Top 10 Tips for SQL Server Performance and Resiliency
This article is part 3 of 10 in a series on the most common mistakes that I have seen impacting SQL Server Performance and Resiliency. This post is related to the most common errors I see and is not all inclusive.
Most common mistake #3: Improper Maintenance
When it comes to maintenance, SQL Server is no different than an automobile; both require regular maintenance to keep them running at peak performance. In similar fashion, the greater the load, the more often the maintenance is required. Neglecting maintenance is the third biggest mistake that I frequently see impacting SQL Server’s performance.
Indexes in SQL Server are very similar to indexes in a book. The primary difference between indexes in a book and in your database is the indexes contained within the database are much easier to rebuild when new information is inserted. Imagine you had a book with 100 pages of text. If the book were indexed, finding specific information wouldn’t be too difficult and shouldn’t take much time. Now add 50 pages of new text in the middle of the book. Finding specific text after the 50 pages has been added would be difficult, all the page numbers would be off and the new text wouldn’t be indexed.
To solve this problem with SQL Server, we have the option to rebuild the index or reorganize an index. This should be completed on a regular basis. This ensures data location accuracy, which eases the work load on SQL server. This allows SQL Server to find the specific data it needs quickly and efficiently.
Sometimes, people have difficulty understanding SQL Server Statistics. Think of it this way: If you managed a sports team and it was your job to find new talent, would you want to see how much potential the talent has? You may want to know how strong they are or how fast they can run. Trying to pick up a new quarterback without that information would be difficult. What if the player’s statistics you were looking at were 5 years old? Maybe the statistics were from when they were in the best shape of their career and now they have gone a little past their prime. You may hire a player based on bad information if you didn’t know the statistics were out of date, they may not be that star performer you were looking for.
SQL Server keeps statistics for you as well. This information keeps your SQL Server aware of the information in the database and helps it decide on what the fastest way to retrieve data is. However, there are times when this information needs to be refreshed. Keeping your statistics up to date is going to keep your SQL Server aware of what shape your data is in.
Isn’t it nice when your car starts to warn you before something really bad is going to happen? Sometimes it can be something as simple as change the oil in the engine or changing the battery.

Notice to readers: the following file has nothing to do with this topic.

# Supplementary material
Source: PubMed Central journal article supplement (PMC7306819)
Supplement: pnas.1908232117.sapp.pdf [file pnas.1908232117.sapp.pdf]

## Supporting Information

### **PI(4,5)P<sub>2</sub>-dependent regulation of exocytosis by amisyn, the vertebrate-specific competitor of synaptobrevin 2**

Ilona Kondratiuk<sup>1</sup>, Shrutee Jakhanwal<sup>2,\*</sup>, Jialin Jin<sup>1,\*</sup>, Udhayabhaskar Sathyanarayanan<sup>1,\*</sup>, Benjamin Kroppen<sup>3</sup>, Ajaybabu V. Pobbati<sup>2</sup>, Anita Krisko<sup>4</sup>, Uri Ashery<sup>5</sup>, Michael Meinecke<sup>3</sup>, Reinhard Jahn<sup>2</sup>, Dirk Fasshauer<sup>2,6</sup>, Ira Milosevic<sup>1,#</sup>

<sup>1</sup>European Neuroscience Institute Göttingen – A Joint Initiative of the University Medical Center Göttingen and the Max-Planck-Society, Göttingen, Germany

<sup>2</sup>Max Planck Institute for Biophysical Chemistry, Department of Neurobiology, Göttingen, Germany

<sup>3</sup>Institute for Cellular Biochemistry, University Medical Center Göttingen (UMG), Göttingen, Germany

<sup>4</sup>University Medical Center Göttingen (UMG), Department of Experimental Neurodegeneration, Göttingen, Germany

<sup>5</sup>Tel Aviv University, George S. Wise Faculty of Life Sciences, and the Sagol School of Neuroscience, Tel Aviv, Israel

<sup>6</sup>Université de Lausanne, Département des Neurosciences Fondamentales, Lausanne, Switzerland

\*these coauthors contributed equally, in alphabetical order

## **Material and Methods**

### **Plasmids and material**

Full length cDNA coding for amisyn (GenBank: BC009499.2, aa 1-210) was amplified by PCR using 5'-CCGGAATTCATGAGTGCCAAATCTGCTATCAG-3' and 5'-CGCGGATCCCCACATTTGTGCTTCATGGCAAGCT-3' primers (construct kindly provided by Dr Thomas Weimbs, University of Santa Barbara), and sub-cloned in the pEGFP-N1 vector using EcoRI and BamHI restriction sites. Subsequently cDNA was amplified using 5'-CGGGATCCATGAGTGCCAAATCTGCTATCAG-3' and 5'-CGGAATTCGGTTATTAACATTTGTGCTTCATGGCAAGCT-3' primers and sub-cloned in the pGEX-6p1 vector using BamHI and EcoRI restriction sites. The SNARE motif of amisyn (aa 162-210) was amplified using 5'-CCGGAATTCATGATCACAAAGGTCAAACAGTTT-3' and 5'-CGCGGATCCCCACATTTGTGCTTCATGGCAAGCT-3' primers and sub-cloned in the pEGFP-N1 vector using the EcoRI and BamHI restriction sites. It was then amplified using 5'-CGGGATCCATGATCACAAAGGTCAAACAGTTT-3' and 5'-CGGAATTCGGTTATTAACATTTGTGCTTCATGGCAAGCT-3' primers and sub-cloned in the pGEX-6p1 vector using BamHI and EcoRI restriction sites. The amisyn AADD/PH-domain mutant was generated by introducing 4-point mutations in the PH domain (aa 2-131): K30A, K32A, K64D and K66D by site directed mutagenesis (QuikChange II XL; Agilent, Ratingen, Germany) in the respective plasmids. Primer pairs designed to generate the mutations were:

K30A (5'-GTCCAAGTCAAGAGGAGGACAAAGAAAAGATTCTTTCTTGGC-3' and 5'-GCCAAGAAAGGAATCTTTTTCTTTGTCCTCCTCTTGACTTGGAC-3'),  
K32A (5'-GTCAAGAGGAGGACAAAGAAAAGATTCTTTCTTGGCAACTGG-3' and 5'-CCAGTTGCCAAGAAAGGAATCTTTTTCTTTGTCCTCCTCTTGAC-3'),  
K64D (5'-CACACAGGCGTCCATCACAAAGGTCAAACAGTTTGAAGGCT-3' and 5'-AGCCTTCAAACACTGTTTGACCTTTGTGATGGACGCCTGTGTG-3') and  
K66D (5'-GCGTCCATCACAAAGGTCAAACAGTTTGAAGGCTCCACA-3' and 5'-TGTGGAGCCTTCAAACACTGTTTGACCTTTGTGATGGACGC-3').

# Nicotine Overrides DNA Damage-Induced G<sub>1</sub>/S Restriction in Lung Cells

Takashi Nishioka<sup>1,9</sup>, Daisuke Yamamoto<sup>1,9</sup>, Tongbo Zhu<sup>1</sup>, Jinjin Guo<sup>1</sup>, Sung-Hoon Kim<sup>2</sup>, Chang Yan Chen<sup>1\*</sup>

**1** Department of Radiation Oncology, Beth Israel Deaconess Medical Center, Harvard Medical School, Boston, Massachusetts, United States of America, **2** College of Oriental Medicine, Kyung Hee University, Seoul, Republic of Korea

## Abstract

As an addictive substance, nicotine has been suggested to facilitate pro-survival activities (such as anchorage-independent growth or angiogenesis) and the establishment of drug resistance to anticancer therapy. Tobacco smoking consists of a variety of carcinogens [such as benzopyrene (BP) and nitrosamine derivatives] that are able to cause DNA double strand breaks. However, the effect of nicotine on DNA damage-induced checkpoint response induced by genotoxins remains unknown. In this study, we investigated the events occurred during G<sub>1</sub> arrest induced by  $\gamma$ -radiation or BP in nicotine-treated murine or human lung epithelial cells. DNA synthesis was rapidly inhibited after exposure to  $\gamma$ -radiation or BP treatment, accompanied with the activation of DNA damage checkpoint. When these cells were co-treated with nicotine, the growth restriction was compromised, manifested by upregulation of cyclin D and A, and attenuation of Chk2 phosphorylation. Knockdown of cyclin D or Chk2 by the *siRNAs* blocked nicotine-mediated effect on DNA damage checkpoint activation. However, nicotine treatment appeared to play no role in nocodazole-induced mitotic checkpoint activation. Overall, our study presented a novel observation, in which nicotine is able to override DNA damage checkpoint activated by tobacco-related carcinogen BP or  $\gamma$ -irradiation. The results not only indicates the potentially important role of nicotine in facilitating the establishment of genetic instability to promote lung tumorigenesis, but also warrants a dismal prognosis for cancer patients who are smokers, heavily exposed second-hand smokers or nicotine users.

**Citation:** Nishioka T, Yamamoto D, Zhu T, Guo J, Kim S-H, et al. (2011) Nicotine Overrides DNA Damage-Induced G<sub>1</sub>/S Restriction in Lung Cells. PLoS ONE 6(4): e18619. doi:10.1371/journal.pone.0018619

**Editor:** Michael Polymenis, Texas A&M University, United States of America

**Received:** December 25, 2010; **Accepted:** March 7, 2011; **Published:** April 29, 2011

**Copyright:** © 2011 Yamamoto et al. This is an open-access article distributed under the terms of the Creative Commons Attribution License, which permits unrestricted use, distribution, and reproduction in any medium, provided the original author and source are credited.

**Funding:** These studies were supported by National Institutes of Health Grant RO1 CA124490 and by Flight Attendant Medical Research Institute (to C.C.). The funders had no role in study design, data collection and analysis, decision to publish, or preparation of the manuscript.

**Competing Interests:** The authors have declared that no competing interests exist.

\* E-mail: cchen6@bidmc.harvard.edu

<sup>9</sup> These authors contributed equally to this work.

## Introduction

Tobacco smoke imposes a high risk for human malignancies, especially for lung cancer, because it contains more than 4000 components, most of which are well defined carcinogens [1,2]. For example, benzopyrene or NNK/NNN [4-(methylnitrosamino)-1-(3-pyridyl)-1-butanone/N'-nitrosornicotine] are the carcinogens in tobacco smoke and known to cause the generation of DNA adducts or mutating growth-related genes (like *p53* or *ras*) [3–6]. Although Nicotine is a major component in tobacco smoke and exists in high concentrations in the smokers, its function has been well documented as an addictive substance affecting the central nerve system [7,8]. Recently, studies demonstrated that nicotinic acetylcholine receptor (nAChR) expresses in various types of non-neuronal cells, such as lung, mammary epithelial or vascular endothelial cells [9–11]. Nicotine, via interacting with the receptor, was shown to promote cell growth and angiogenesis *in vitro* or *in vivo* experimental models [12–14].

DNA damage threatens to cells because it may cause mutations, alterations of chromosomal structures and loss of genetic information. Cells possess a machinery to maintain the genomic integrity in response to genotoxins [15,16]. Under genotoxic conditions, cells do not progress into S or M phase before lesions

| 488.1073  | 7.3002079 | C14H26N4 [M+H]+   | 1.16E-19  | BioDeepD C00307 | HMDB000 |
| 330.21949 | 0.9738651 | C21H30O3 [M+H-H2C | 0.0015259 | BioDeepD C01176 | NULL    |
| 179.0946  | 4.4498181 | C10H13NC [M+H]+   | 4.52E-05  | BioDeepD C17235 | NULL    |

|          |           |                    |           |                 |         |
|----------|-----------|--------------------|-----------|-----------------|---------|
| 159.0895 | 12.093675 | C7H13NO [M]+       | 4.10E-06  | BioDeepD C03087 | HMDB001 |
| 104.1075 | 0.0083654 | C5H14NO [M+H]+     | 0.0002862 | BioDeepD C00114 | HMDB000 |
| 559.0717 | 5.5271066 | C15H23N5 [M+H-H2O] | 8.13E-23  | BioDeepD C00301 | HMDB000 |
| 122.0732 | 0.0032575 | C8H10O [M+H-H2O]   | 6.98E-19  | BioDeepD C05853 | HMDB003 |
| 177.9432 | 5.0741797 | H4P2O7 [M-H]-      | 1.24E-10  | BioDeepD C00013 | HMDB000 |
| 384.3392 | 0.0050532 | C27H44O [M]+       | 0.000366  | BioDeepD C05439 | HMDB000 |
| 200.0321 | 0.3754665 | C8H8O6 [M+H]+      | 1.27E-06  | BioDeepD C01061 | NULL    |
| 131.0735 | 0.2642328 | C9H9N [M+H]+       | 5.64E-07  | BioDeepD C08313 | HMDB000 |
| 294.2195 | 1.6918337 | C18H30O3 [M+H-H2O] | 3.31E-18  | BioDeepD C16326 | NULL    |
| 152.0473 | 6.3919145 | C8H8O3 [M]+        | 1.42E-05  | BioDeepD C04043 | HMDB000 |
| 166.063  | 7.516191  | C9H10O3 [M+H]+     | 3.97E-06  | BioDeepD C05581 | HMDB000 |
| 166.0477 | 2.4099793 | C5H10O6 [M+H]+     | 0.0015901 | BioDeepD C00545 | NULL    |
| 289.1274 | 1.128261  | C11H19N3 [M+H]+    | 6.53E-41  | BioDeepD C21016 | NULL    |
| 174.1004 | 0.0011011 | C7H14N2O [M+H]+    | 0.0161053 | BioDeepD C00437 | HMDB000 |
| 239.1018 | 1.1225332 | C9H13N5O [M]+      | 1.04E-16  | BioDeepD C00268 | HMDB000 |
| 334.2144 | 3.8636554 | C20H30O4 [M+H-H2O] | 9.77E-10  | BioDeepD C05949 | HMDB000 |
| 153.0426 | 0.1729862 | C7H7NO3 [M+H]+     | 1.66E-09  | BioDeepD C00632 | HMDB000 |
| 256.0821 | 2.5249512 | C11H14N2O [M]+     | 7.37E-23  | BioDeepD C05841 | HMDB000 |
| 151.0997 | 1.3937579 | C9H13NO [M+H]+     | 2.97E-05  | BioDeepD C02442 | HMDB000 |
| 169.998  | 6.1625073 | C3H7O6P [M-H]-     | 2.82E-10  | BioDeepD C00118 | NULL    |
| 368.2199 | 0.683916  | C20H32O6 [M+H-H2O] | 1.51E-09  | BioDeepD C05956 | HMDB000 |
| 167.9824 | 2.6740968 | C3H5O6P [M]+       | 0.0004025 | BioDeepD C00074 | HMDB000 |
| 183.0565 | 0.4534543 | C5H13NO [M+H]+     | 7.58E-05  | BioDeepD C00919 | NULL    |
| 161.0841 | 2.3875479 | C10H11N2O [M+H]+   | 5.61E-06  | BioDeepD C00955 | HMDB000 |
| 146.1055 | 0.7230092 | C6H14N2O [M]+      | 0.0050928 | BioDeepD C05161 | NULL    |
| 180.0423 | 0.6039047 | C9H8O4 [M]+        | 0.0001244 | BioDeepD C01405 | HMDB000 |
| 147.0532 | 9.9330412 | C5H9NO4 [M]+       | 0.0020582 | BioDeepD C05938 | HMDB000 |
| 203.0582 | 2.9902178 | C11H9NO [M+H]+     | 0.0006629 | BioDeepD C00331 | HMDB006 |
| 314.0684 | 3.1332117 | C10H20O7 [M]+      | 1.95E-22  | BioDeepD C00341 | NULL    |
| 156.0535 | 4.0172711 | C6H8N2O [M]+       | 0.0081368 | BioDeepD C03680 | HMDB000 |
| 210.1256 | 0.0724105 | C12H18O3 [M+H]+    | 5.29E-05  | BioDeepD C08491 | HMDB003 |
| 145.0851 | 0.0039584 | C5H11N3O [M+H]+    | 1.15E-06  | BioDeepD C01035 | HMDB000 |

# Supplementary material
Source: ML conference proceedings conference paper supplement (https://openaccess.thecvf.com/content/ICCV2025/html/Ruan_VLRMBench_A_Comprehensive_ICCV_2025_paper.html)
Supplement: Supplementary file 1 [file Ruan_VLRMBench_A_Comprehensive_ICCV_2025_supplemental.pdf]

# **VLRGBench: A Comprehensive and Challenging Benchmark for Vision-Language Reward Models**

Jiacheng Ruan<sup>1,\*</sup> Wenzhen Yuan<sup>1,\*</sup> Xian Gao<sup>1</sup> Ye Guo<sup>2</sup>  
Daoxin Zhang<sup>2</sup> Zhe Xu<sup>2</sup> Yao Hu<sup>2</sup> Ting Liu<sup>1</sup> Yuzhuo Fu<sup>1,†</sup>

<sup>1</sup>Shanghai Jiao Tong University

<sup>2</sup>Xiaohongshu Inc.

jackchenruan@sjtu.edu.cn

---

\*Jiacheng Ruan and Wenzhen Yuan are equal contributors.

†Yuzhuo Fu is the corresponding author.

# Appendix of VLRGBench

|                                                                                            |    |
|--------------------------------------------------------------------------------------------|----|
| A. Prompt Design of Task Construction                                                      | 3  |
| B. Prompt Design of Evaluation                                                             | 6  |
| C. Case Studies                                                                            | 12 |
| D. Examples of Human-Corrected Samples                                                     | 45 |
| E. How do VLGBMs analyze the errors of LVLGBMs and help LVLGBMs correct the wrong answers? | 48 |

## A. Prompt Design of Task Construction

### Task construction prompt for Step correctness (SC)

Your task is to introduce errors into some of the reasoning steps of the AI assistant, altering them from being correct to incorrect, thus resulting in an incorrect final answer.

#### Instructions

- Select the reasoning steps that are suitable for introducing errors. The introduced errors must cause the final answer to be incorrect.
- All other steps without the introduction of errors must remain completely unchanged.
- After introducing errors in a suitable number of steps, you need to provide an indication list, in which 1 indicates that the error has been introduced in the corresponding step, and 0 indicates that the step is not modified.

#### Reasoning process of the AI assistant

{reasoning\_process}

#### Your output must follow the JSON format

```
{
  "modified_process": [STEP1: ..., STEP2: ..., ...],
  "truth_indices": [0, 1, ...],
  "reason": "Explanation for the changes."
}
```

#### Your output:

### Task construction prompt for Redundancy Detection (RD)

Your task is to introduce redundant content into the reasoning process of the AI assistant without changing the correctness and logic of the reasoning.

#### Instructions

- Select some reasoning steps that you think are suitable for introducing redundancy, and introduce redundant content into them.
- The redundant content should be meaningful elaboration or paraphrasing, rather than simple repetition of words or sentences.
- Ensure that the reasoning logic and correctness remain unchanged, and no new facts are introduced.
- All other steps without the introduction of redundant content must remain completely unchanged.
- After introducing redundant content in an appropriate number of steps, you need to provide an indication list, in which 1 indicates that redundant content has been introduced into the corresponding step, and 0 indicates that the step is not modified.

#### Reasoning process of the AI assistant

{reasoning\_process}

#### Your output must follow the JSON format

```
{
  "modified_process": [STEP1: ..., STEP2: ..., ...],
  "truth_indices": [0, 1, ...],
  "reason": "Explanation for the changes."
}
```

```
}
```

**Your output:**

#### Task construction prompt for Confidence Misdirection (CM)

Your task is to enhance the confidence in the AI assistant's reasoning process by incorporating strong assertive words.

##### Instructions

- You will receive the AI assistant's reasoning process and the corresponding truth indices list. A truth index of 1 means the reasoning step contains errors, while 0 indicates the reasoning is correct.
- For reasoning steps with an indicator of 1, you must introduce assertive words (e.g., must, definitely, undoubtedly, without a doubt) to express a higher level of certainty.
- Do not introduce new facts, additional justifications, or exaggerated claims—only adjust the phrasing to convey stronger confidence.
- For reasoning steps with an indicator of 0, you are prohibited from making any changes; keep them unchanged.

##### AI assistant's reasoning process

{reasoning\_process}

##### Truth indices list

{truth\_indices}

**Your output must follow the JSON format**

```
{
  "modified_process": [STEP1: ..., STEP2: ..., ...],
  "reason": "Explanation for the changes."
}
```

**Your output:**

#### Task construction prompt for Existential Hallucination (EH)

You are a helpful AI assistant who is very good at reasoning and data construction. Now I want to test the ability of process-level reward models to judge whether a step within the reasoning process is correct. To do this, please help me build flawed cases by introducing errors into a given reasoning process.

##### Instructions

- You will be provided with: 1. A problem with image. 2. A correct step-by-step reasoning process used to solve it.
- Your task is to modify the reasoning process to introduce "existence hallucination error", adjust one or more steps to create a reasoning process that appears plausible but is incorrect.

SQL Server has warning signs as well; DBCC commands or database consistency checks should be executed to catch when something may be amiss in your data. This doesn’t mean that it can catch everything, but this layer of protection can save you some serious pain down the road.
Children that are being watched at a child care center or by parents are a lot less likely to get themselves into trouble. SQL Server is no different. A monitored SQL Server is less likely to have critical non-recoverable errors than servers that are not monitored. For example, pretend you have a database that requires 100 gigs of space for a backup file. If that storage falls below having 100 gigs of space available, your SQL Server backup is going to fail. What would happen if you lost the storage due to a hardware failure and now you need to restore from a backup? You could lose a tremendous amount of data and time, assuming you are able to recover it at all.
Now consider the same situation with a monitored SQL Server. A monitored SQL Server should inform you that you had a backup failure, and if it is scheduled via a Job in SQL Server, you can receive an alert from the SQL Server itself. In addition, there would be entries in the error log that you would see as well. A monitored SQL Server is going to give you an opportunity to correct the backup issue, before you need to restore the database.
It’s getting easier to complete a basic install of SQL Server with each and every version. It takes very little time to have a database up and running. It is so simple that many organizations install their SQL Server and forget about it – at least until there becomes a problem with it. Most of the time when I am asked to perform an emergency fix or a restore of a database, it is being done on a server that isn’t being monitored.
Database Mail, Alerts and Operators not configured
As mentioned in the monitoring section of this post SQL Server can be configured to send emails in a number of situations; if a job fails or errors are raised with specific severities. These emails are sent to operators that are configured within SQL Server. So when a backup fails, SQL Server can send you an email, allowing you to fix the issue.
When my son started to learn how to drive a car, we spent a number of hours talking about the maintenance. We reviewed how he should keep sand in his trunk to help get traction on the ice, how his oil needs to be changed and the tires need to be rotated, all to ensure his safety while on the road. A well maintained SQL Server can give your organization a stable and well performing database.